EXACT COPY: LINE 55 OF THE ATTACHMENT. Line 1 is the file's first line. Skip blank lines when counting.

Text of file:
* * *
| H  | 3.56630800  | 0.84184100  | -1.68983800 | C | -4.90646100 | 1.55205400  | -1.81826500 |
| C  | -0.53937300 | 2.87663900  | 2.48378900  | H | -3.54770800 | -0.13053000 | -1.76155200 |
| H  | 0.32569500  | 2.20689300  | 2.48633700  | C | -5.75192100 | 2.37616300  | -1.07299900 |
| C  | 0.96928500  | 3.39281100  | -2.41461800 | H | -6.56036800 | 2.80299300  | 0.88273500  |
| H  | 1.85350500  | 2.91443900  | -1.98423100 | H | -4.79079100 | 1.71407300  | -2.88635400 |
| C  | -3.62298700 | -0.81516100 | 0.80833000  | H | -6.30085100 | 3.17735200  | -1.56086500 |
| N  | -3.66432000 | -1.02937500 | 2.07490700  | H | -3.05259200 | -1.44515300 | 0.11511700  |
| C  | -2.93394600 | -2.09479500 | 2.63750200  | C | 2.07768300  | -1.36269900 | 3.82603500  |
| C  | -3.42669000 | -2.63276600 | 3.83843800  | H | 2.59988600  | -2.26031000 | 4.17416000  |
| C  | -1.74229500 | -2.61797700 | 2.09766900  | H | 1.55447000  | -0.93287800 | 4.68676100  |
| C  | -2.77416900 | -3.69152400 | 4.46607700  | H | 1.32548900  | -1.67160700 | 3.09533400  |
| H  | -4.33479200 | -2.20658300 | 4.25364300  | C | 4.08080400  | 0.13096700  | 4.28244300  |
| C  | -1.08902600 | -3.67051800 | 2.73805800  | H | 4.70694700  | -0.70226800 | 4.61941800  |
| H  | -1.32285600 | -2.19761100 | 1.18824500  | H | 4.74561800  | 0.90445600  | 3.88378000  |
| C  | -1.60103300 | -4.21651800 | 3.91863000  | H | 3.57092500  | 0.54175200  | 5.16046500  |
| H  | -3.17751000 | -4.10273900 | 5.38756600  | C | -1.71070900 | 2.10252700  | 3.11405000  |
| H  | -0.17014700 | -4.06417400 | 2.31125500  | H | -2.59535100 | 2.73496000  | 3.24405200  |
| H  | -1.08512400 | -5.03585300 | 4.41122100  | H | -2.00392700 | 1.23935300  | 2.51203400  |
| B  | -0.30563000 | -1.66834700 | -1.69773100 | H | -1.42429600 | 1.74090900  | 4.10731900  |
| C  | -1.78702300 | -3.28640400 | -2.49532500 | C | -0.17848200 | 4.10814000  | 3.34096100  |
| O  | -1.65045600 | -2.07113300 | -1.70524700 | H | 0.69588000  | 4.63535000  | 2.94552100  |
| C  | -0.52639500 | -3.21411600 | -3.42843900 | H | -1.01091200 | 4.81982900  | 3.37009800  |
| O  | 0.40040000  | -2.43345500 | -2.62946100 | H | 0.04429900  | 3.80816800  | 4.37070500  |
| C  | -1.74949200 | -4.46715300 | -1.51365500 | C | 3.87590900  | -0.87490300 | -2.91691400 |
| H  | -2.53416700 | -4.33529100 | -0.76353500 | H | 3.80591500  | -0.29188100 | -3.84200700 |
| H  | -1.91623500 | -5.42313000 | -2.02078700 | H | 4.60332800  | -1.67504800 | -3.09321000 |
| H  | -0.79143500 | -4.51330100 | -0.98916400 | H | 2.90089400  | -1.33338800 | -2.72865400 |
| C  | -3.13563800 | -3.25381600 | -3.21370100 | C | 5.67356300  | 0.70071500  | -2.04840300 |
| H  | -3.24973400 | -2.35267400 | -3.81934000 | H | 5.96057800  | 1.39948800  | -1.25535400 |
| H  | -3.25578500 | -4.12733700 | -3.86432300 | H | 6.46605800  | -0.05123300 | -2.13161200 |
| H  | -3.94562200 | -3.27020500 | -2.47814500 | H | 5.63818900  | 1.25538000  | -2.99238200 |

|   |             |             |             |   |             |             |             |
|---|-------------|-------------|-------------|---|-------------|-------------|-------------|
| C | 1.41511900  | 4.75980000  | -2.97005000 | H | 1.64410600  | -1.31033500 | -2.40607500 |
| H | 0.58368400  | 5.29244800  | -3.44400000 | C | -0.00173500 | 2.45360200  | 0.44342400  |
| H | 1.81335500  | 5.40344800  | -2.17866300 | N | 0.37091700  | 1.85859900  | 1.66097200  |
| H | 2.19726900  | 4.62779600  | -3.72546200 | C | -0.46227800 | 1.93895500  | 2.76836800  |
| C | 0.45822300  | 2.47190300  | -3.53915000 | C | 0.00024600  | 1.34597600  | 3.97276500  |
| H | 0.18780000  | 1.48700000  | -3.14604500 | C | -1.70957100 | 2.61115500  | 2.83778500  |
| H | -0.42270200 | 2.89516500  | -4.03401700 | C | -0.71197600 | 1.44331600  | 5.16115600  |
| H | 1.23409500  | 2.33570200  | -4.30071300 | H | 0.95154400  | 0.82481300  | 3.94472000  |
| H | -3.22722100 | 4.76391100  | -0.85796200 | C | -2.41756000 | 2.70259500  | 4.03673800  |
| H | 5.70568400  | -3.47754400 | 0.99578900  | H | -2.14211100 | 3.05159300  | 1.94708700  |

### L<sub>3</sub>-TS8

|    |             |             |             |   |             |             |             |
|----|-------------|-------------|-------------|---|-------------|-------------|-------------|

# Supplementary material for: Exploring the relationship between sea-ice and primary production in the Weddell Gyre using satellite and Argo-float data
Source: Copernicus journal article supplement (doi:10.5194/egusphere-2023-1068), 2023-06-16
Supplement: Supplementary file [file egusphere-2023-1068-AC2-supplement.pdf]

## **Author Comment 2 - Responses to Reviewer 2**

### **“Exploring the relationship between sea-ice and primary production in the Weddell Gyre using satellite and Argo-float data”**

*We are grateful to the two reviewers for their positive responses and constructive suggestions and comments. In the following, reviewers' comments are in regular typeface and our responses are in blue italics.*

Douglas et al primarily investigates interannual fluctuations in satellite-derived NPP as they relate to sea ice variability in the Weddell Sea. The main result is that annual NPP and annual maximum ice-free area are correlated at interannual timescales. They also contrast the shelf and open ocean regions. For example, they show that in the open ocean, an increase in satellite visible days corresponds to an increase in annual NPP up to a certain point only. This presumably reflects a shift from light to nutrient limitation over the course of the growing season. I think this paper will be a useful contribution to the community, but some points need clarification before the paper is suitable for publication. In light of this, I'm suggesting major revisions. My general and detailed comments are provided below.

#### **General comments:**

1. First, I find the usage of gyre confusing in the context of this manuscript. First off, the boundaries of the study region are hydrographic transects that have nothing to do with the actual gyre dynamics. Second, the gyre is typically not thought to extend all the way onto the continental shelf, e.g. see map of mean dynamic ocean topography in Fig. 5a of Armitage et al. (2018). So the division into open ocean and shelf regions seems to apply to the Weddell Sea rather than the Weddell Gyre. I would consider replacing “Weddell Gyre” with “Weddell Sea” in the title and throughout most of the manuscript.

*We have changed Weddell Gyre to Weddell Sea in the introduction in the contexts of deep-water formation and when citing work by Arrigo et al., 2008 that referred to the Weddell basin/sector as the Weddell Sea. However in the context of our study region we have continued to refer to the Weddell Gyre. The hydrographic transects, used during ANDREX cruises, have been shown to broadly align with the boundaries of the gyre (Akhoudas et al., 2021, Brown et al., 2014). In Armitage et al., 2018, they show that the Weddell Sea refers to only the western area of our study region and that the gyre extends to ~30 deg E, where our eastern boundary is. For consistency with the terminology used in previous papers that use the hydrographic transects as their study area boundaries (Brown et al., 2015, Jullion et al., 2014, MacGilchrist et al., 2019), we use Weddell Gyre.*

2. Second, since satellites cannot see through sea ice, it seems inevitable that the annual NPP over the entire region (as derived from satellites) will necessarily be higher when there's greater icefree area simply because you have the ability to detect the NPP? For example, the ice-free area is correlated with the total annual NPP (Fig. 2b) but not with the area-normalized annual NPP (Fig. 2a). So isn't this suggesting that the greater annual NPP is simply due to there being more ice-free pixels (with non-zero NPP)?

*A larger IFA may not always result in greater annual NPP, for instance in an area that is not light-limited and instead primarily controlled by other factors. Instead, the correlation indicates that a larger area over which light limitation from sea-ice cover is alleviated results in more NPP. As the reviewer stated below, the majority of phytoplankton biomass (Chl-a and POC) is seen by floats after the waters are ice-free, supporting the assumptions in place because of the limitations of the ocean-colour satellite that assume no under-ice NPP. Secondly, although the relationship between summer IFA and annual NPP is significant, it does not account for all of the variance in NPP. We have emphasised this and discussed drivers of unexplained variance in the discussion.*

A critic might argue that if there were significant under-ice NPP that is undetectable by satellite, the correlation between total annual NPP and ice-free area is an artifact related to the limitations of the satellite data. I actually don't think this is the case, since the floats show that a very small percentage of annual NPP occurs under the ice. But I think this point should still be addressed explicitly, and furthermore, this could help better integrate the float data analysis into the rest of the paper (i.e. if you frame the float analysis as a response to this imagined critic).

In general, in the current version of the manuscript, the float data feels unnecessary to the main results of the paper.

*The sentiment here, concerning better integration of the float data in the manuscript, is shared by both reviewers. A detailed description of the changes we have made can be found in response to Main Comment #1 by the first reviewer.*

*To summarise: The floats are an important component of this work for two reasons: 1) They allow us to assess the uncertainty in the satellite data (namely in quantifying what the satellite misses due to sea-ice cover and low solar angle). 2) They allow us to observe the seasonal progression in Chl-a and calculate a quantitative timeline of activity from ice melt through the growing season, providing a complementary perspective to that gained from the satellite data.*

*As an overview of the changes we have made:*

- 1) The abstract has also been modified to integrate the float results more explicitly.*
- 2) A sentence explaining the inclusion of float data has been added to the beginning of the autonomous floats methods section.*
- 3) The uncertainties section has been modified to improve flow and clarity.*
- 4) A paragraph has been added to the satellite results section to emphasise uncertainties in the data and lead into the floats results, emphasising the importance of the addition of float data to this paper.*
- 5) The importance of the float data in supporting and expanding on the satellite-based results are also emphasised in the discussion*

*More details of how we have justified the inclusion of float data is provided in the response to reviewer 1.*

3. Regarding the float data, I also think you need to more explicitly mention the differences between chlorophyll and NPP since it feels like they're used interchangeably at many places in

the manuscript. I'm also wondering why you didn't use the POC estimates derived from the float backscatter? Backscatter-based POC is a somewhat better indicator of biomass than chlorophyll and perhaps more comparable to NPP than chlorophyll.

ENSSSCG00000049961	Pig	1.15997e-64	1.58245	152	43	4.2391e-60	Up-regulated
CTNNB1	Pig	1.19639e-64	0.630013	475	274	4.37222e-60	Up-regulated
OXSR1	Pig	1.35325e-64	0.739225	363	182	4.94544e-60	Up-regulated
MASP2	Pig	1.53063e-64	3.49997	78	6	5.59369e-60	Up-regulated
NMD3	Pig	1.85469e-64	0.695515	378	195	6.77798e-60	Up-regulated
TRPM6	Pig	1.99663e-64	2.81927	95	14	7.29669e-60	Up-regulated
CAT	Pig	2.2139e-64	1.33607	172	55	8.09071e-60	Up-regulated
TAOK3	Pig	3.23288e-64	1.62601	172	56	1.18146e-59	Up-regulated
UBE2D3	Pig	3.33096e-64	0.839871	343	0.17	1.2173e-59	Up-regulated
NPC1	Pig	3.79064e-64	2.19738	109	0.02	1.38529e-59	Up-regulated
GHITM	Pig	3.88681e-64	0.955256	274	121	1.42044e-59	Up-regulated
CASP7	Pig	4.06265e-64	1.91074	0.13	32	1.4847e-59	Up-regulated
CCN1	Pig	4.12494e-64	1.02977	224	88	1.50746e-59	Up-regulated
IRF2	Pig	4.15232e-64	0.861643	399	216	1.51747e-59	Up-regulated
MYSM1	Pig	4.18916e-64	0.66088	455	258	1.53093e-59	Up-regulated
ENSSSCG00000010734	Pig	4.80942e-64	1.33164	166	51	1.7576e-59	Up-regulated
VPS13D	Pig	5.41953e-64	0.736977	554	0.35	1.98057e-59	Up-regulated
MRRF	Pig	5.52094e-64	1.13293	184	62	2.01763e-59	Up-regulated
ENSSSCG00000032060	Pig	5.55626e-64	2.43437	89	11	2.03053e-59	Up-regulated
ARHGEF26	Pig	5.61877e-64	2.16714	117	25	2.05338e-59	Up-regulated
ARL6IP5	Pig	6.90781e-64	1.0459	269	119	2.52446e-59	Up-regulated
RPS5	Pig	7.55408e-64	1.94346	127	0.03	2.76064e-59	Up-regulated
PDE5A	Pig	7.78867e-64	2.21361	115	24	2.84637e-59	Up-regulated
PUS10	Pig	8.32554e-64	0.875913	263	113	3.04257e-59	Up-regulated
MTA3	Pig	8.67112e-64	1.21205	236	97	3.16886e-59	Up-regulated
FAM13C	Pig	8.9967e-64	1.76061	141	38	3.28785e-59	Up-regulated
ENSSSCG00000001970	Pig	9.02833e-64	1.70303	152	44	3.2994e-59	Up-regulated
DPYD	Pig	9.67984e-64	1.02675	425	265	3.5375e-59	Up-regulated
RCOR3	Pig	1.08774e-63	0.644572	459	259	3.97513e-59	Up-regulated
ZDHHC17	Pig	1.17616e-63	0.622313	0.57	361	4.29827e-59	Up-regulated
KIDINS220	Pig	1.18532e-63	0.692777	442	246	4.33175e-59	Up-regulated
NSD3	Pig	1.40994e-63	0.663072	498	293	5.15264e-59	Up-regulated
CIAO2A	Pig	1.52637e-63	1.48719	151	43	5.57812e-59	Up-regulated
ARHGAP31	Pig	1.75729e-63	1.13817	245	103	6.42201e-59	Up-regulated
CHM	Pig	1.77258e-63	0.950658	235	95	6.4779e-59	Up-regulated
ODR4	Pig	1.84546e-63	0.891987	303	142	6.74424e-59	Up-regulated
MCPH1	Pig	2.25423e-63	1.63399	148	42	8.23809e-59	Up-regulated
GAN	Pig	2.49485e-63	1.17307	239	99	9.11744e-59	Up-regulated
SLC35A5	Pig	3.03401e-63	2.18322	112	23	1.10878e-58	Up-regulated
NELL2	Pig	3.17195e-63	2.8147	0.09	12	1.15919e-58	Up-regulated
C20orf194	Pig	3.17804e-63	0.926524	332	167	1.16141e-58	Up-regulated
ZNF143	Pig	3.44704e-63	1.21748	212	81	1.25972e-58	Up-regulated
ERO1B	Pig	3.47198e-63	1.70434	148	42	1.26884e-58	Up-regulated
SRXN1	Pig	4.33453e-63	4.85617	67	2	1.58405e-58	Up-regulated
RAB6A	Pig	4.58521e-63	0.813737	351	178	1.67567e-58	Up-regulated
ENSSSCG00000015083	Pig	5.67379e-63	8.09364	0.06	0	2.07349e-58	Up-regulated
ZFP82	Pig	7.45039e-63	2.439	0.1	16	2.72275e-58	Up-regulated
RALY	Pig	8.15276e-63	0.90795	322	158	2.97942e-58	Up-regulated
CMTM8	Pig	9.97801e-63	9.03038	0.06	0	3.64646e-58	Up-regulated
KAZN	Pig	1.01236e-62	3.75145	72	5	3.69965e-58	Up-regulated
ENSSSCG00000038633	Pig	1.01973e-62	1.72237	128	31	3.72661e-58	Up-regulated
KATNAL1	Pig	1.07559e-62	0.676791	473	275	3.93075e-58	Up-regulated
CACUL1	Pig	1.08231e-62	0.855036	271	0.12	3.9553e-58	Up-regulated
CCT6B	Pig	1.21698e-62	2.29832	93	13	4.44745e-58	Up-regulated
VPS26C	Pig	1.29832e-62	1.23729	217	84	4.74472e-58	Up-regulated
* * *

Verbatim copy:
1. First, I find the usage of gyre confusing in the context of this manuscript. First off, the boundaries of the study region are hydrographic transects that have nothing to do with the actual gyre dynamics. Second, the gyre is typically not thought to extend all the way onto the continental shelf, e.g. see map of mean dynamic ocean topography in Fig. 5a of Armitage et al. (2018). So the division into open ocean and shelf regions seems to apply to the Weddell Sea rather than the Weddell Gyre. I would consider replacing “Weddell Gyre” with “Weddell Sea” in the title and throughout most of the manuscript.